by Daniel Moerner

Before judging Octas at Valley, a debater asked the panel the following question: “Do you believe that competing interps implies an RVI?” To my surprise, the rest of the panel said yes. I think the rest of the panel was deeply confused about theory debates. It is incredibly obvious that competing interps does not “imply” an RVI, at least as RVI’s are traditionally understood in LD debate. However, it is also true that competing interps should imply that you vote for the debater with the better interpretation—just not because of an RVI. Unfortunately, I have never heard an adequate warrant for competing interps that would justify this strong conclusion.

First, it is analytically false that competing interps, as such, could “imply” an RVI. I think it is unfortunate that competing interps has become a “norm” in LD debate when its exact meaning is still unclear. As best as I understand it, competing interps is a way to evaluate theory debates that rests on two planks:

  1. All theory debates are about our interpretations of theoretical issues, which must be made explicit by both sides. What you vote against is a bad interpretation, not the abuse that lies under that interpretation per se.
  2. We evaluate interpretations based upon their comparative effects on the debate activity as a whole, which can include questions of potential abuse, actual abuse, and the precision of the interpretation’s wording.

Under competing interps, as normally conceived, you should vote for the debater that has the better interp. It is irrelevant if the debater who read the interp or the debater who read the counter-interp is ahead on the debate—you may vote for either. Clearly, however, this is not because you are voting on an RVI. An RVI is itself a theory argument which claims that other (false) theory arguments are unfair. It would be incoherent for a debater winning competing interps to claim that it “implies” an RVI, but not read a specific RVI interpretation with reasons to prefer. Unfortunately, this is exactly what I see people do.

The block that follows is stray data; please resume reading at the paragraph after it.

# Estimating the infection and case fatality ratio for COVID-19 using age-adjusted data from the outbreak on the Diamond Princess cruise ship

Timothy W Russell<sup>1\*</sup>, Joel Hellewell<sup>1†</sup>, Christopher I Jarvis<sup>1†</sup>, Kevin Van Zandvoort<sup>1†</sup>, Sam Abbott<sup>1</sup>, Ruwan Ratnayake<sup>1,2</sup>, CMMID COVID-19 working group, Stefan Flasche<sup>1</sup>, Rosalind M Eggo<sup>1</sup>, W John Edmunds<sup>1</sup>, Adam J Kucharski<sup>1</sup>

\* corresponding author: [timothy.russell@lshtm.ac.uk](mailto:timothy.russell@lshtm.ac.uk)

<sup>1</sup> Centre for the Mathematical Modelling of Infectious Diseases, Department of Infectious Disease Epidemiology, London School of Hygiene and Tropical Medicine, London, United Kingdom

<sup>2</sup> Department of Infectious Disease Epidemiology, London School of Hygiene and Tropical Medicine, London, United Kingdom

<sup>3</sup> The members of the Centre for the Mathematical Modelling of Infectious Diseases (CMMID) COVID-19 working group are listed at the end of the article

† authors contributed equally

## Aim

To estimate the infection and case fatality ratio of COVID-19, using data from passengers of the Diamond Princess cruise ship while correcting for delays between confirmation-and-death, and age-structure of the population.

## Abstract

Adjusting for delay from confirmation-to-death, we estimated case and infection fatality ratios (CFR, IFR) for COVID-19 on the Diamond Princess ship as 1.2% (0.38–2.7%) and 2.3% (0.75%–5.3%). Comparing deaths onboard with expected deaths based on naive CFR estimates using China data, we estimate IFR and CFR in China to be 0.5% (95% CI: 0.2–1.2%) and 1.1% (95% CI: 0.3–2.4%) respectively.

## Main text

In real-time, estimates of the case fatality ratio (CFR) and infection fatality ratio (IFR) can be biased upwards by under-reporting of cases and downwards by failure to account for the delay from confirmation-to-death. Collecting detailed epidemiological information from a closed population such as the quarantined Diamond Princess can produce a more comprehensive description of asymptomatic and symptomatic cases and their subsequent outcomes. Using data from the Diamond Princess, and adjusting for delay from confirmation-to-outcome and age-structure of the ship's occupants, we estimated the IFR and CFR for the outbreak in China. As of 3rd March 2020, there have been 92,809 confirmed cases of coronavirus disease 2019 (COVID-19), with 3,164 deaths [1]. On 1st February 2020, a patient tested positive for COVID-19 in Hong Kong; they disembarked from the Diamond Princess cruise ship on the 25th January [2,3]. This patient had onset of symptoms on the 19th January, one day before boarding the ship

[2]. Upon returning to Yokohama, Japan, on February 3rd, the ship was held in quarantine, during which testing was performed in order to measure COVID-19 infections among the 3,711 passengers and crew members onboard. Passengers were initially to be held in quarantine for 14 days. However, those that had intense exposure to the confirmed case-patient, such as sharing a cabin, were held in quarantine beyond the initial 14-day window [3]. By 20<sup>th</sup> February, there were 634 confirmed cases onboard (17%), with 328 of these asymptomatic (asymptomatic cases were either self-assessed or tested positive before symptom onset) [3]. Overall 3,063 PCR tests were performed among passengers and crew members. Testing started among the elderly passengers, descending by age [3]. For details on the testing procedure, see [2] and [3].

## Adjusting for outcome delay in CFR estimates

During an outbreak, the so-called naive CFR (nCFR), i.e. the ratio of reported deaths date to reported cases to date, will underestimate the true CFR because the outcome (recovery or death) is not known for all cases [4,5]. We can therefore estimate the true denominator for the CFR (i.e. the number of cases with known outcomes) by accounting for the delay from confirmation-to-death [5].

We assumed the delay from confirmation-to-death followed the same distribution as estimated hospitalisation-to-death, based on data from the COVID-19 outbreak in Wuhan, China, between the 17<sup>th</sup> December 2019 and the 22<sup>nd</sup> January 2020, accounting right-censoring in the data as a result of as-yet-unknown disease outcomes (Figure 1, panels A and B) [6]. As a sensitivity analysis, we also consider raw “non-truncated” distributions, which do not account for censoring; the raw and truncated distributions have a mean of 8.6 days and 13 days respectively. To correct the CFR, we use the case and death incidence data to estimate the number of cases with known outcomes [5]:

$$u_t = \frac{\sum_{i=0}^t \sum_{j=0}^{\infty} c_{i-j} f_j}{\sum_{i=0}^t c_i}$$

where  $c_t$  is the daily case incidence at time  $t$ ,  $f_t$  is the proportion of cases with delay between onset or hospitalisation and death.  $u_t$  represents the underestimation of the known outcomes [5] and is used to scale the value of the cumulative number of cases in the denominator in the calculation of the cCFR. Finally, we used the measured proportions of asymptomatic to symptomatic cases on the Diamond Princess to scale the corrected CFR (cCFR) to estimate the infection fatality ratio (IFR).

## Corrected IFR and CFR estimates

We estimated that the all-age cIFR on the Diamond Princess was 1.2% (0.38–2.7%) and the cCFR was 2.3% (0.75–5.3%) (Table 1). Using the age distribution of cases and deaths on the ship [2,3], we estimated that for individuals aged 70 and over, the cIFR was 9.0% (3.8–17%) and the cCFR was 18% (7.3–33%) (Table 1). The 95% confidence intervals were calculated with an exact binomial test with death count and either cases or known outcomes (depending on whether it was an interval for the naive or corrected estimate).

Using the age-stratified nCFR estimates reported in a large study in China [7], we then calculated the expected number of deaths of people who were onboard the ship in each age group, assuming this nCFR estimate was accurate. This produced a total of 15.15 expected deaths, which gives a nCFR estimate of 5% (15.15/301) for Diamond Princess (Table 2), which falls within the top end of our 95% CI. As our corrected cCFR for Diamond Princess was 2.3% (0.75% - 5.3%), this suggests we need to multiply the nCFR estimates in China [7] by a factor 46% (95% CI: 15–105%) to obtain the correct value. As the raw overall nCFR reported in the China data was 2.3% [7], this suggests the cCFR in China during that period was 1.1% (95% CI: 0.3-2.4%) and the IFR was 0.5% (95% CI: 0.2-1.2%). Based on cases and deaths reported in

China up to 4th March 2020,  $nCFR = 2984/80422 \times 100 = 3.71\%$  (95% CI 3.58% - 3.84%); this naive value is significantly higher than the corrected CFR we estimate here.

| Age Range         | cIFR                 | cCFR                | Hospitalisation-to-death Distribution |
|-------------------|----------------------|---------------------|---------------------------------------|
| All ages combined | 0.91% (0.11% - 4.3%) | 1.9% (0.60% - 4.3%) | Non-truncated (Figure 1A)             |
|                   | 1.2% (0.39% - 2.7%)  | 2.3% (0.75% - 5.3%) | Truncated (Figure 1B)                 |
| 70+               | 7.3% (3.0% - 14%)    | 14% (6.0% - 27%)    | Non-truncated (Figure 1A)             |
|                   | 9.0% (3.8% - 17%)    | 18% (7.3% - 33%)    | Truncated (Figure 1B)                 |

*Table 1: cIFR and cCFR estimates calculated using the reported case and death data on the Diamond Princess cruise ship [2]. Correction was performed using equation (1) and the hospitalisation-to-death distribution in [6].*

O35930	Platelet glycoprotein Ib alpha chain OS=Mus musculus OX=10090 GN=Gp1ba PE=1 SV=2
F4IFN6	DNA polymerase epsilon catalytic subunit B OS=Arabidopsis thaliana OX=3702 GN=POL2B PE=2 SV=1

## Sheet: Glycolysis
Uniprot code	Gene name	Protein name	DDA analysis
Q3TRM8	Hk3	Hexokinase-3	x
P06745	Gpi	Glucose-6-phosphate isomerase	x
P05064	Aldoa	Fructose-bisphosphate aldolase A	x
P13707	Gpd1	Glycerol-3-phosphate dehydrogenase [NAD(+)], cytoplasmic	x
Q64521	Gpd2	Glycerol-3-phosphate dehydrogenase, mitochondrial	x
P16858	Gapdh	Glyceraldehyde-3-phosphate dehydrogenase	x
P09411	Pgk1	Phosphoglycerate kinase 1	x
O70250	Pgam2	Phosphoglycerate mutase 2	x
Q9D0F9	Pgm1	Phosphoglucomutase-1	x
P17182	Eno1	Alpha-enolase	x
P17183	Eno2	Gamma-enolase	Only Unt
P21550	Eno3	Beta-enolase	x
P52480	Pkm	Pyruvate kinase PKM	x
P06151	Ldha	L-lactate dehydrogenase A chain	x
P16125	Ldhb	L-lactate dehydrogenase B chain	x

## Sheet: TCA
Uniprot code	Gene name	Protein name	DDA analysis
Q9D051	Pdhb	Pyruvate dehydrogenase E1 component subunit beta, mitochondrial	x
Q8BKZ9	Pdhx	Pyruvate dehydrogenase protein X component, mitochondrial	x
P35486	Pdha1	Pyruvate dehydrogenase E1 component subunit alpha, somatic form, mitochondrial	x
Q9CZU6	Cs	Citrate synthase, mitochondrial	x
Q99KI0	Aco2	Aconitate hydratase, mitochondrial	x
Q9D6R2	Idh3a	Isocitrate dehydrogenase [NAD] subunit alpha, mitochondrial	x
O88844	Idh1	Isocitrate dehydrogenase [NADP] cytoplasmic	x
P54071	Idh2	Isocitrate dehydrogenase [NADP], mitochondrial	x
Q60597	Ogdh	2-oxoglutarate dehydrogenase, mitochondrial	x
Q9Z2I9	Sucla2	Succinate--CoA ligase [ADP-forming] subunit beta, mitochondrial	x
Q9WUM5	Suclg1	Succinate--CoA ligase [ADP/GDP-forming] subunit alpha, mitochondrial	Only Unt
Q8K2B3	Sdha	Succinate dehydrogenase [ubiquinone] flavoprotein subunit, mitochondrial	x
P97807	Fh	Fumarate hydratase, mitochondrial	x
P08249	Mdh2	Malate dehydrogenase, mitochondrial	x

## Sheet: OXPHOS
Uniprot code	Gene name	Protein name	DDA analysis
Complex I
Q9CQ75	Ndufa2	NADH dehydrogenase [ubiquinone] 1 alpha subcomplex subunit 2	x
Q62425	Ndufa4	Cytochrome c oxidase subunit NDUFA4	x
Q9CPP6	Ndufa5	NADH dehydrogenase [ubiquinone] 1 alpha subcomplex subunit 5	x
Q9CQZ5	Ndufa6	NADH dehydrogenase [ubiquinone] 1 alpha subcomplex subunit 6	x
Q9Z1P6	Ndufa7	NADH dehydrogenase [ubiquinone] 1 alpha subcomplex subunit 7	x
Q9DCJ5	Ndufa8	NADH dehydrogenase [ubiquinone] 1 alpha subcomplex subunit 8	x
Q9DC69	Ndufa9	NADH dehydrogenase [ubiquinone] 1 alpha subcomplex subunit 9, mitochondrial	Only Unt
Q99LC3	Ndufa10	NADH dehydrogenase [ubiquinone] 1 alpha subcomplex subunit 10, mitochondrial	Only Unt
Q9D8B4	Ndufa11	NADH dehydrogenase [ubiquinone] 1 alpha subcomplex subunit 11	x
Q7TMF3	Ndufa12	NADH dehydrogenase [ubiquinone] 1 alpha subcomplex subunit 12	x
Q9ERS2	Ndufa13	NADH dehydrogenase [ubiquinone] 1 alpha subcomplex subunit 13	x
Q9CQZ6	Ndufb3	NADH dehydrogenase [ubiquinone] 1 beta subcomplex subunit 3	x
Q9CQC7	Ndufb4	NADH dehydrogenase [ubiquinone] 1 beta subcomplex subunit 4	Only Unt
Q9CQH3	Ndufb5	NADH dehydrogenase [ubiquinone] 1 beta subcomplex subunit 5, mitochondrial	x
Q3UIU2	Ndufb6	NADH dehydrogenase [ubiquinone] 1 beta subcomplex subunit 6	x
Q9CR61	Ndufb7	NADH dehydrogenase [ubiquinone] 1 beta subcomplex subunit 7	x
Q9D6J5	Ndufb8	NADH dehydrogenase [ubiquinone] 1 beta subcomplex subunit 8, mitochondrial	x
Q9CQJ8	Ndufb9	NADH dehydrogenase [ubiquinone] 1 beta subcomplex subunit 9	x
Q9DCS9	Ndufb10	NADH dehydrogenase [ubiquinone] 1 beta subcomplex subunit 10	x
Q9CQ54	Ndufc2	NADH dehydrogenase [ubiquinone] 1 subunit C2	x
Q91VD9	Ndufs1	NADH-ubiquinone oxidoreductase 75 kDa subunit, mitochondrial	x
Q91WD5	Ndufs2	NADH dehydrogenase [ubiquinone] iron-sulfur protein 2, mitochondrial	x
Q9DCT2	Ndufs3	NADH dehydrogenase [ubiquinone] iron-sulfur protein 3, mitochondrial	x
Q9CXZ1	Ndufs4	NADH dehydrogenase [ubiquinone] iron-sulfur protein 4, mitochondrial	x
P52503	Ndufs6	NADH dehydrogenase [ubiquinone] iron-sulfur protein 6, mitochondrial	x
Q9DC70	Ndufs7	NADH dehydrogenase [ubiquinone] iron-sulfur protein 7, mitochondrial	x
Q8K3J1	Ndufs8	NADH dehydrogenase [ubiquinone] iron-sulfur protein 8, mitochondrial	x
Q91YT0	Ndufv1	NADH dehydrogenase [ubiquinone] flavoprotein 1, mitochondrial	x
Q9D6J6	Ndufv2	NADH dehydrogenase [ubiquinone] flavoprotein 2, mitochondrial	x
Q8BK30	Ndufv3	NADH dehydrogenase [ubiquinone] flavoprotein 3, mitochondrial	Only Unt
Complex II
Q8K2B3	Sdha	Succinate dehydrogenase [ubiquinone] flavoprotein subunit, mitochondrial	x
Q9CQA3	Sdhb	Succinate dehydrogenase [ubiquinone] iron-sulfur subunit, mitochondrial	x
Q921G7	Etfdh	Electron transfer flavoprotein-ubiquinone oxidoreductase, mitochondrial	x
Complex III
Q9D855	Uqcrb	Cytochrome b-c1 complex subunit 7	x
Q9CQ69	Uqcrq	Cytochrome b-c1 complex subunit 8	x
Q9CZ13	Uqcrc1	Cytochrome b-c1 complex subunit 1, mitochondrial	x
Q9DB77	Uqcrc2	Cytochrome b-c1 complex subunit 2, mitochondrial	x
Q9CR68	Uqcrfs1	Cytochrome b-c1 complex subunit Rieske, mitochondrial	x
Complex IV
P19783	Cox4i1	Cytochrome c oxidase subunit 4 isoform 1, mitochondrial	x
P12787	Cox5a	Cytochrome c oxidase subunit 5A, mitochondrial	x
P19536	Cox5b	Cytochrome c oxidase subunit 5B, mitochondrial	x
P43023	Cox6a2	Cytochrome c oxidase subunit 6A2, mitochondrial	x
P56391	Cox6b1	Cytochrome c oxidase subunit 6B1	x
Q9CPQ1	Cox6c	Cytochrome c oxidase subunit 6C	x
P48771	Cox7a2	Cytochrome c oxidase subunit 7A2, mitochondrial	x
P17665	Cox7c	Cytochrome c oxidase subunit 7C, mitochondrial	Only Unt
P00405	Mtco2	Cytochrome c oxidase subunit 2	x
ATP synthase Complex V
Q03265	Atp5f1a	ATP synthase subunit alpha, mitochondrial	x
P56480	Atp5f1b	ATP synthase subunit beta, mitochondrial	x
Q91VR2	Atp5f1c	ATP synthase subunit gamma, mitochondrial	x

Second, as I suggested above, if one debater wins competing interps, then the reason you vote on the better interpretation has nothing to do with an RVI. However, why should we think such a radical claim about the theory debate is true? Most warrants for competing interps are woefully inadequate. Generally speaking, I hear a one-sentence blip about “judge intervention” or about “discouraging abusive behavior.” These arguments are nowhere near developed enough to imply that I should vote on what is essentially a discourse argument, about out-of-round impacts of picking a theory interpretation. Judges used to accept discourse arguments based on the one sentence blip “We are humans before we are debaters”, but fortunately, the activity has matured. Now, discourse arguments now need cards and in-depth analysis. Theory debates ought to mature as well. The claim that you should vote on the interpretation that is “better for debate” deserves actual analysis and argumentation. Merely arguing that “reasonability” (whatever that means) invites “judge intervention” does not imply that the judge’s role is instead to assess which norms are best for the activity as a whole.